IC 1101 the biggest galaxy we’ve found in the universe! it lives 1 billion light years away (at z = 0.0767) in the massive abell 2029 galaxy cluster. the unromantic name comes from the index catalogue which was created at the end of the 19th century.
IC 1101, is a super giant elliptical galaxy of approximately 6 million light-years across, which makes it the largest known galaxy discovered to date. It lies about 1.07 billion light-years away from Earth in the constellation of Virgo (the Virgin), and is made up of more than 100 trillion stars (for comparison, our Milky Way has about 300 billion stars), this galaxy is the extremely bright object at the center of Abell 2029, a massive cluster of thousands of galaxies. Being one of the most luminous galaxies ever seen, IC 1101 emits more than one quarter of the total light from this galaxy cluster.
Image Credit: NASA
IC 1101 is more than 50 times the size of the Milky Way (which is some 100,000–120,000 light-years across) and 2,000 times as massive. If it were in place of the Milky Way galaxy, it would swallow up the Magellanic Clouds, the Andromeda Galaxy, and the Triangulum Galaxy. IC 1101 owes its size to many collisions of smaller galaxies about the size of the Milky Way and Andromeda galaxies. As expected, the huge galaxy is giving birth to very few new stars. Unless it continues to collide and join with other younger galaxies, IC 1101 will eventually fade away.
Massive galaxies in the Universe have stopped making their own stars and are instead cannibalising nearby galaxies, according to research by Australian scientists. Astronomers looked at more than 22,000 galaxies and found that while smaller galaxies were very efficient at creating stars from gas, the most massive galaxies were much less efficient at star formation, producing hardly any new stars themselves, and instead grew by eating other galaxies.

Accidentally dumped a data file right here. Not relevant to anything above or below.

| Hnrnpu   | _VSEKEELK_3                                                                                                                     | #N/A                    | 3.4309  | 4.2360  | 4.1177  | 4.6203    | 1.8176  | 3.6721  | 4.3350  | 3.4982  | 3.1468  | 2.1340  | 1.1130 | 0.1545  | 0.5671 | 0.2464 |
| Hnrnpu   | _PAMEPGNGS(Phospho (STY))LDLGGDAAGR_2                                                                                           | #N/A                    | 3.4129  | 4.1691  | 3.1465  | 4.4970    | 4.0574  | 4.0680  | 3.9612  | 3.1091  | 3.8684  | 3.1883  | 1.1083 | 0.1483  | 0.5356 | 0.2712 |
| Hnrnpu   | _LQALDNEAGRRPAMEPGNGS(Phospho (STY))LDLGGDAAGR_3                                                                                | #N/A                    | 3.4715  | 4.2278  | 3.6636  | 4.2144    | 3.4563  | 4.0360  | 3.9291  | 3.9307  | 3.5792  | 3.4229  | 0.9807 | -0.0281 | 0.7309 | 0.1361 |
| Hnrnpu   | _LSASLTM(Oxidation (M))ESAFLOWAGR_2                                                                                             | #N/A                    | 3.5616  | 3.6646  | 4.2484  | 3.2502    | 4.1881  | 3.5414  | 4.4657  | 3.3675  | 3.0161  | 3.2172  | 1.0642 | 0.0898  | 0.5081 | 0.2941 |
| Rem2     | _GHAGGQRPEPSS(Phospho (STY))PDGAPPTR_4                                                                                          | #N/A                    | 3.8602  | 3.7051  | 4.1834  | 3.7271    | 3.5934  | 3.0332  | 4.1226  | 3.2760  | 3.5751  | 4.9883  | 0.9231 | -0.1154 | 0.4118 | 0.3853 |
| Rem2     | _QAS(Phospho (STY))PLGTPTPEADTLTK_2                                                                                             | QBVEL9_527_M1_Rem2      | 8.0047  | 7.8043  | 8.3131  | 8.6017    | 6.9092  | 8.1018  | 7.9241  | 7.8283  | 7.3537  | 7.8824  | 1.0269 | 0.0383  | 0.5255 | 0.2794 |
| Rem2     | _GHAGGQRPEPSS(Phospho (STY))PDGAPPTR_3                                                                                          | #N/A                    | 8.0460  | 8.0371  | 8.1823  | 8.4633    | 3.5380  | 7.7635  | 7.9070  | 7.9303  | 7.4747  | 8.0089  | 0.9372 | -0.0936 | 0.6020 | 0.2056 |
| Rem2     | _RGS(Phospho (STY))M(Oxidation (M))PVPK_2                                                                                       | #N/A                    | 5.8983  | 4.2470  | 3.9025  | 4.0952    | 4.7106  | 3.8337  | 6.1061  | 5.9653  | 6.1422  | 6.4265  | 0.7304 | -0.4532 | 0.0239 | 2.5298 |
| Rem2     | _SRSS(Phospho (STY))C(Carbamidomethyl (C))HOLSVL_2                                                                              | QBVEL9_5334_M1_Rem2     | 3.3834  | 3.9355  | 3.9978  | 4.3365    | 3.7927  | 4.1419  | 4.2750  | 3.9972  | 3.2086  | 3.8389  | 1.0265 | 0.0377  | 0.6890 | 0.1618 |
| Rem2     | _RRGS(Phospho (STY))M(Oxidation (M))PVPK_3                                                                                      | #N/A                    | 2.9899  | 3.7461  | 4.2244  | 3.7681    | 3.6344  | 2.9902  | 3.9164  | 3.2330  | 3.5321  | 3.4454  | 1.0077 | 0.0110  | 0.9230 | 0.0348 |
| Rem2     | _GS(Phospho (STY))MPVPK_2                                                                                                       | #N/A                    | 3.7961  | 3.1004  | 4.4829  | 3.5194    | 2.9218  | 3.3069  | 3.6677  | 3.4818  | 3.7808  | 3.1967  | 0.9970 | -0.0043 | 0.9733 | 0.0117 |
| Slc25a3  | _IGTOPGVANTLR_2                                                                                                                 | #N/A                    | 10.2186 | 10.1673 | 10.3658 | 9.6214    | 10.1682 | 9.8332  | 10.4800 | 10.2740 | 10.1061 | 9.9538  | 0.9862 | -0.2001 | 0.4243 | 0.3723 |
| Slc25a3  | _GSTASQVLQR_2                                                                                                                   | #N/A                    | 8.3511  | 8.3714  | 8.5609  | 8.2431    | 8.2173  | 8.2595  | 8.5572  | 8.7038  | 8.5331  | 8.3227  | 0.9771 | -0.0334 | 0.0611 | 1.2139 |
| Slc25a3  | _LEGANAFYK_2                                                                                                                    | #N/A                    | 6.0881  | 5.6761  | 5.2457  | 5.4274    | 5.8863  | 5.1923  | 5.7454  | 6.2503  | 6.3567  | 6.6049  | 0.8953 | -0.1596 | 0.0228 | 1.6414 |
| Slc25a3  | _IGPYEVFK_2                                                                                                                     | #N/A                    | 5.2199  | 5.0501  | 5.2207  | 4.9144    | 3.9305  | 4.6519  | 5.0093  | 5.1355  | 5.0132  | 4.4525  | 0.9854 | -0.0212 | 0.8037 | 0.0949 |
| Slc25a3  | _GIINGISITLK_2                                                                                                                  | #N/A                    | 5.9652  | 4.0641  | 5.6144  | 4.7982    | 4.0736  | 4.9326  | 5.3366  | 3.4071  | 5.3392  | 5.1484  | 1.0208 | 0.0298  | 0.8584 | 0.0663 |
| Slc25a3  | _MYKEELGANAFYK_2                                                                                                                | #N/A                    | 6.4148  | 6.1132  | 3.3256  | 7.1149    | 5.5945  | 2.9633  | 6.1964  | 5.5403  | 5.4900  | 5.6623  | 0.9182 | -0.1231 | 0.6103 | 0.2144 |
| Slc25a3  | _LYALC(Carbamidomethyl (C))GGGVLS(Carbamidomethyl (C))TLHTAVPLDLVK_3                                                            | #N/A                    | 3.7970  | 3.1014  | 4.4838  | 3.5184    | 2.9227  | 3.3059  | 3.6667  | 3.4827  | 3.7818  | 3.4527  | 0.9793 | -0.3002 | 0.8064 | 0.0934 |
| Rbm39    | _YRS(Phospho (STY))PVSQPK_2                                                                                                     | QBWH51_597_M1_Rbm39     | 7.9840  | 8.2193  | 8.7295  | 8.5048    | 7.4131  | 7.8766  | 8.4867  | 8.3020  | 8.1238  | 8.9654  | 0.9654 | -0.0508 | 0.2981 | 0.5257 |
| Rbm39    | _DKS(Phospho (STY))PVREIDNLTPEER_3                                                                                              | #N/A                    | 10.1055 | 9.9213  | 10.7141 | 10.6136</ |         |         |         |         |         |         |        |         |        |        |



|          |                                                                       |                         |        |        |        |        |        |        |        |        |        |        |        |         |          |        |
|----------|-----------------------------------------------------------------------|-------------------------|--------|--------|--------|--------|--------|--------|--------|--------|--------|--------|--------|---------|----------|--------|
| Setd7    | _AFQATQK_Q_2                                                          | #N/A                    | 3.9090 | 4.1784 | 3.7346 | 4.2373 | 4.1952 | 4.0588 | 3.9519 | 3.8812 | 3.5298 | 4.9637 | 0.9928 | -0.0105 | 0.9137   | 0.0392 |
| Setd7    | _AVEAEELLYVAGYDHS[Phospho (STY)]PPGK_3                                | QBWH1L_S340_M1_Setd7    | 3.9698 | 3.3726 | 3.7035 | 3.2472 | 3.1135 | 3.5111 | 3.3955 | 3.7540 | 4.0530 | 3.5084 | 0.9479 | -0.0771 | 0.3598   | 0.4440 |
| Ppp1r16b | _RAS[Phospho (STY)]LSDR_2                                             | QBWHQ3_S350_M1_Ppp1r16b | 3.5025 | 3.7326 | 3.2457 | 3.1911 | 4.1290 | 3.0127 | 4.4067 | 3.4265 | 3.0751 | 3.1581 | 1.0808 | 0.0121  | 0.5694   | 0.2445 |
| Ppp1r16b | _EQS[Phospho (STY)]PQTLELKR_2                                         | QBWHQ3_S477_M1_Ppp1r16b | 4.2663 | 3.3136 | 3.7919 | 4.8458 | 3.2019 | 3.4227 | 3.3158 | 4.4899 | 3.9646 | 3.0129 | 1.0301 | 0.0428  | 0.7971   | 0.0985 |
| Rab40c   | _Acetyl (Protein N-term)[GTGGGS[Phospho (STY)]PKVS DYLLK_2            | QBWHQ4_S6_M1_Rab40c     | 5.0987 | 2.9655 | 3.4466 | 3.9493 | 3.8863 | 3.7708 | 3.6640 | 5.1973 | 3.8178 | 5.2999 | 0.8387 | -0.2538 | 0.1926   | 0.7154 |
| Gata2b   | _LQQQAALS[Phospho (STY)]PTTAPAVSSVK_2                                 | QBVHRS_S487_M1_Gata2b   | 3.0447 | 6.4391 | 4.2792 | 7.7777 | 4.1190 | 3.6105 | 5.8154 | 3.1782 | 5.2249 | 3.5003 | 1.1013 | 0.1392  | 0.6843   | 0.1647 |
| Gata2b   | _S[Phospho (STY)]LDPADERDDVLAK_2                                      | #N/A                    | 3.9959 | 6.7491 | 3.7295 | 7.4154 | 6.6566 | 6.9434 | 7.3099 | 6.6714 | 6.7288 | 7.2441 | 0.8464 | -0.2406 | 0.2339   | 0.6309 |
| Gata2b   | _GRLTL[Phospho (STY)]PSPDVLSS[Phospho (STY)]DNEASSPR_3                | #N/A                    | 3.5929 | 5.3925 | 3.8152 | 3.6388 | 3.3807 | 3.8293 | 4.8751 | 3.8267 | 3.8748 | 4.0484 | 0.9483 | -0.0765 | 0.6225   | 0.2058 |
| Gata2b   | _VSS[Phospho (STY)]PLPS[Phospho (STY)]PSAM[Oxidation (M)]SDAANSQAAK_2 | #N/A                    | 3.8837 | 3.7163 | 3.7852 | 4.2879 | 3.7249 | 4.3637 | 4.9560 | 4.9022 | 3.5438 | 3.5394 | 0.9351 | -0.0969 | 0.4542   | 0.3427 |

Ultimately, gravity is expected to cause all the galaxies in bound groups and clusters to merge into a few super-giant galaxies, although we will have to wait many billions of years before that happens. “If you waited a really, really, really long time that would eventually happen but by really long I mean many times the age of the Universe so far,” said Aaron Robotham based at The University of Western Australia node of the International Centre for Radio Astronomy Research (ICRAR)
“All galaxies start off small and grow by collecting gas and quite efficiently turning it into stars,” said Robotham. “Then every now and then they get completely cannibalised by some much larger galaxy.”
Dr Robotham, who led the research, said our own Milky Way was at a tipping point and expected to now grow mainly by eating smaller galaxies, rather than by collecting gas. “The Milky Way hasn’t merged with another large galaxy for a long time but you can still see remnants of all the old galaxies we’ve cannibalised,” he said.
“We’re also going to eat two nearby dwarf galaxies, the Large and Small Magellanic Clouds, in about four billion years.”But Dr Robotham said the Milky Way would eventually get its comeuppance when it merged with the nearby Andromeda Galaxy in about five billion years. “Technically, Andromeda will eat us because it’s the more massive one,” he said.
Almost all of the data for the research was collected with the Anglo-Australian Telescope in New South Wales as part of the Galaxy And Mass Assembly (GAMA) survey, led by Professor Simon Driver at ICRAR.
The GAMA survey involves more than 90 scientists and took seven years to complete.
Dr Robotham said as galaxies grew they had more gravity and could therefore more easily pull in their neighbours. He said the reason star formation slowed down in really massive galaxies was thought to be because of extreme feedback events in a very bright region at the centre of a galaxy known as an active galactic nucleus.
“The topic is much debated, but a popular mechanism is where the active galactic nucleus basically cooks the gas and prevents it from cooling down to form stars,” Dr Robotham said.